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I was just curious. I was told that bees have to work harder with dry sugar because they have to find water source to mix with the dry suguar.
 

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The Mountain Camp method works
If the bees have t fly for H20 they may as well have a clensing flight too.
The by product of the bees metabolizing their Carbs produces H20.
Ernie
 

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We sometimes put 1/2 inch of dry sugar on a 55 gal. drum lid and then sprinkle water on it with a flower watering can, but not so much water as to drown the bees. You may have to do this a couple of times a day depending on such things as humidity and wind.
If you are going to feed them in the hive this time of year, you will need to feed them some fondant candy placed directly on top of the brood frames which you can make.
 

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I was just curious. I was told that bees have to work harder with dry sugar because they have to find water source to mix with the dry suguar.
That's part of the benefit of it actually. It works to absorb some of the moisture in the hive which reduces the humidity inside the hive, and dry bees are FAR less likely to freeze, and as the humidity wets the sugar, the bees can work it.
 

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If you are going to feed them in the hive this time of year, you will need to feed them some fondant candy placed directly on top of the brood frames which you can make.
does fondant really work? never tried it but i do know that bees wont move a half an inch for food if it is too cold i have had luck with a couple of quart jars of 1-1 sugar syrup or even 2-1 placed over the inner cover (modified to fit the lids only) then place an empty deep over them and tape your seems with duct tape to make airtight. can mean the difference between starved and live bees!
 

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my bees are taking the dry sugar and have been for 2 months. alot of the time it has been way to cold for them to fly but are are still using it. my hives are good and dry and the bees are fed so i like it and will use it again next winter. :thumbsup:
 

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My bees arn't taking it, but they have lots of stores as well as 2 fish ponds 15 feet distant. I plan on using it every winter if only for moisture control, for which it works great.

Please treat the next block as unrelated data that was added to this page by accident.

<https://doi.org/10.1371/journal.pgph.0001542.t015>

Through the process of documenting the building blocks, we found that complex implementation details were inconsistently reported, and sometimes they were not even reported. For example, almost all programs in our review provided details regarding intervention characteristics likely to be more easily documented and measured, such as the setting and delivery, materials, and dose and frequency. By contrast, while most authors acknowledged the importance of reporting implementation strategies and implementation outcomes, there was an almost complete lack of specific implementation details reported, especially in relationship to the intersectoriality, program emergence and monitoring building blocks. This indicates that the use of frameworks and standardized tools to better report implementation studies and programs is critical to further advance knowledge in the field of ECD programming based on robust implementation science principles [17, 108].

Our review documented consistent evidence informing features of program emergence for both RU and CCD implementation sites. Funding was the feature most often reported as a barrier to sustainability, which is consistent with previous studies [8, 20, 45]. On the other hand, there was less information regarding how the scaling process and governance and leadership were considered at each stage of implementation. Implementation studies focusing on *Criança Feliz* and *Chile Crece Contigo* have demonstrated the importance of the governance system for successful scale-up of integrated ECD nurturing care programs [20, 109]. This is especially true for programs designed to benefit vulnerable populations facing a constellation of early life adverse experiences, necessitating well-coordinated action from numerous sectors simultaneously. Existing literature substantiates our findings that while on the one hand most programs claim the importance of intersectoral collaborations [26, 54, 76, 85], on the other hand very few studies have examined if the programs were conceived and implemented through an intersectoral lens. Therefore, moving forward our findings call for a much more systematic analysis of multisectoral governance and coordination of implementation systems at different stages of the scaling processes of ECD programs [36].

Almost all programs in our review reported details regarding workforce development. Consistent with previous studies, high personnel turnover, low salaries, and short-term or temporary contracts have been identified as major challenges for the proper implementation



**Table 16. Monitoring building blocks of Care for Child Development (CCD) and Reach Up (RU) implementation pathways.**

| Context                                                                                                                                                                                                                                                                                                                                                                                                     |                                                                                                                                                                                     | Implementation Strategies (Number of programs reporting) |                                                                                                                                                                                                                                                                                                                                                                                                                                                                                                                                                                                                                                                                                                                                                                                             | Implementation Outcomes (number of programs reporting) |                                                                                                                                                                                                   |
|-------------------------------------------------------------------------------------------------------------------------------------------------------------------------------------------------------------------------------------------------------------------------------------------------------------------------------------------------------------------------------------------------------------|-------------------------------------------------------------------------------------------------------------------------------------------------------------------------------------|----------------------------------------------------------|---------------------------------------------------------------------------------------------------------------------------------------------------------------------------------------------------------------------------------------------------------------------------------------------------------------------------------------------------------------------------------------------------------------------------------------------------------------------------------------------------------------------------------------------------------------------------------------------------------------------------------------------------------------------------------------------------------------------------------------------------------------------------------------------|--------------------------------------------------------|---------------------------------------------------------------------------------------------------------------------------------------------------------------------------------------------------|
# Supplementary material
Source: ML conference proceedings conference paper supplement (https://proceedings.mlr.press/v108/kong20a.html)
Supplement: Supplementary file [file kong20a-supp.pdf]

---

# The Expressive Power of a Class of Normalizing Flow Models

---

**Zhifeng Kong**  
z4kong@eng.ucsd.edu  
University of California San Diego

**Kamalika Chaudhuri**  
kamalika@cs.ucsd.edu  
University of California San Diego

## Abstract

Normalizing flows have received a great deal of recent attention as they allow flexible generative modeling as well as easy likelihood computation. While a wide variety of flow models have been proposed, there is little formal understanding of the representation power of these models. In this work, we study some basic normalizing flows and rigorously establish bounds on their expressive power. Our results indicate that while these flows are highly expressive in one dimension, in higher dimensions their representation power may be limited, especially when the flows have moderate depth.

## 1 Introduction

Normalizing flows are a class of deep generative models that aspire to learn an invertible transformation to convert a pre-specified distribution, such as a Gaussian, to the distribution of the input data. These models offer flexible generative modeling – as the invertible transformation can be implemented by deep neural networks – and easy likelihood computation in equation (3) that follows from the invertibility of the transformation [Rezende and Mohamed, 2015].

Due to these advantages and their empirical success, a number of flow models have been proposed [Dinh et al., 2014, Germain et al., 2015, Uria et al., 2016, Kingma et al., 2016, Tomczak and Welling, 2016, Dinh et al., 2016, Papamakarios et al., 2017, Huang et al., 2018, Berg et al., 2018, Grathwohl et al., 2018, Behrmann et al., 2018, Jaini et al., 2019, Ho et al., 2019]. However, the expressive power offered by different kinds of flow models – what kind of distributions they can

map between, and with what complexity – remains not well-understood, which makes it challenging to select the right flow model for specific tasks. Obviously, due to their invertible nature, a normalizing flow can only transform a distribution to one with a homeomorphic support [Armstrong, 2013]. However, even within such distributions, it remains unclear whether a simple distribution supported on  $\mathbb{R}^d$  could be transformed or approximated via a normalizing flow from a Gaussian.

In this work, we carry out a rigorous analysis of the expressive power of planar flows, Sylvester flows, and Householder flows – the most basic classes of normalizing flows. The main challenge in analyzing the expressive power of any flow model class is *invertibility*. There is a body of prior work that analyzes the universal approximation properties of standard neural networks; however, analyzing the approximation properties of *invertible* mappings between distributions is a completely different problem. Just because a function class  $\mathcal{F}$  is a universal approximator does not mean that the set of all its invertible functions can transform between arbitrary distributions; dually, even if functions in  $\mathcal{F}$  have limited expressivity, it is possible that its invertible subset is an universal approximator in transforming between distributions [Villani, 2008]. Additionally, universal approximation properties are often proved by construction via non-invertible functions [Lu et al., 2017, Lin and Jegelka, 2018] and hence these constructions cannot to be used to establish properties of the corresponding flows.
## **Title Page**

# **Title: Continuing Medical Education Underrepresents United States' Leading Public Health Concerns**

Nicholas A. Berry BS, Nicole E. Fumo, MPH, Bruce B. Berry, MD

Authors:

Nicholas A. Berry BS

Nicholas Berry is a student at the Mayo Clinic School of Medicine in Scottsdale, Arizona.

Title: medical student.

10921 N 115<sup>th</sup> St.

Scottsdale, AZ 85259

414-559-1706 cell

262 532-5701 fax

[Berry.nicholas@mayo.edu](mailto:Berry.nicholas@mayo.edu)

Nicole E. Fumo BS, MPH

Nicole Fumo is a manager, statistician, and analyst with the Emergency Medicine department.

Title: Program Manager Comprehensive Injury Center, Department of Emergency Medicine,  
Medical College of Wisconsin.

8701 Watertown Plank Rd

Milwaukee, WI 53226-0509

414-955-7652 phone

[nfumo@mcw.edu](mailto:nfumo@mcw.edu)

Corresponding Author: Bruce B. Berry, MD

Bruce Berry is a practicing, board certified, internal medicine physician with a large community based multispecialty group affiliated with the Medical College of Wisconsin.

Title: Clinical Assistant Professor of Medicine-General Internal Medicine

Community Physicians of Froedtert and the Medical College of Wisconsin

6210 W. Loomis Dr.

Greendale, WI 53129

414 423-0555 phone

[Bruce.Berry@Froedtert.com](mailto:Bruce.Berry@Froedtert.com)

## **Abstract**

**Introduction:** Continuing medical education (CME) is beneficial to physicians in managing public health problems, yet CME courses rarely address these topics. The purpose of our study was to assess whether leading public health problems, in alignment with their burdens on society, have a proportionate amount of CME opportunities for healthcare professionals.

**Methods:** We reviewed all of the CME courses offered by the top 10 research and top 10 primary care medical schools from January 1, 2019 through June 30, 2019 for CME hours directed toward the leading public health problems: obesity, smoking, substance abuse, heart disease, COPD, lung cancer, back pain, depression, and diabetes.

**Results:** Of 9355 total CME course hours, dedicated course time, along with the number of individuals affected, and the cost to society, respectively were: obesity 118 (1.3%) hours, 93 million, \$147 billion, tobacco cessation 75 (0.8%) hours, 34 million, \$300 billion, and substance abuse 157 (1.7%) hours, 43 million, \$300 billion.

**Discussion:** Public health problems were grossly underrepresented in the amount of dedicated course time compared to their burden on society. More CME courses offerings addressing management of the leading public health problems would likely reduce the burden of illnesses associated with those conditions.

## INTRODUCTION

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They tend to eat it when they are hungry and especially if they are starving. That's really the purpose. They don't tend to just store it. Some hives are more interested than others. Wetting the edges helps interest them. Clumping it a bit with some water also helps keep them from hauling it out for trash.
 

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Here's an example of why data is sometimes not always perfect. I only feed dry sugar to colonies that I think may need it. That is, colonies that seemed to be sluggish, struggling in the fall or light on stores. Of course, those colonies might very well be suffering from other issues. So, they're tendency towards using the sugar may not reflect their need or even offer complete assurance of survival.

As to the question, I have two colonies that have sugar on top. Both are taking it slowly. I don't think they really need it yet and may not between now and the spring. One colony was the beneficiary of a late combine. They got a handful of bees but about 6 frames of honey. The sugar was just insurance.
 

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I have put fondant patties one and a half inches thick and about the size of an old lp (remember those) record over the inner cover holes. I checked my two yards yesterday and one yard they haven't come up to it yet. The other yard shocked me though, I lifted the outer covers and there they were :eek: and on a few there was only a half inch ring of fondant left. The fall has been mild here and I figured they might be a little more active than usual but wow. Tried to order more fondant but I'm out of luck till the new year so I'm thinking I'll go to the quite yard and lift a couple of patties and move them to my empty hives. The hives seem heavy enough so I'm not sure why they are into the fondant so early.

Perry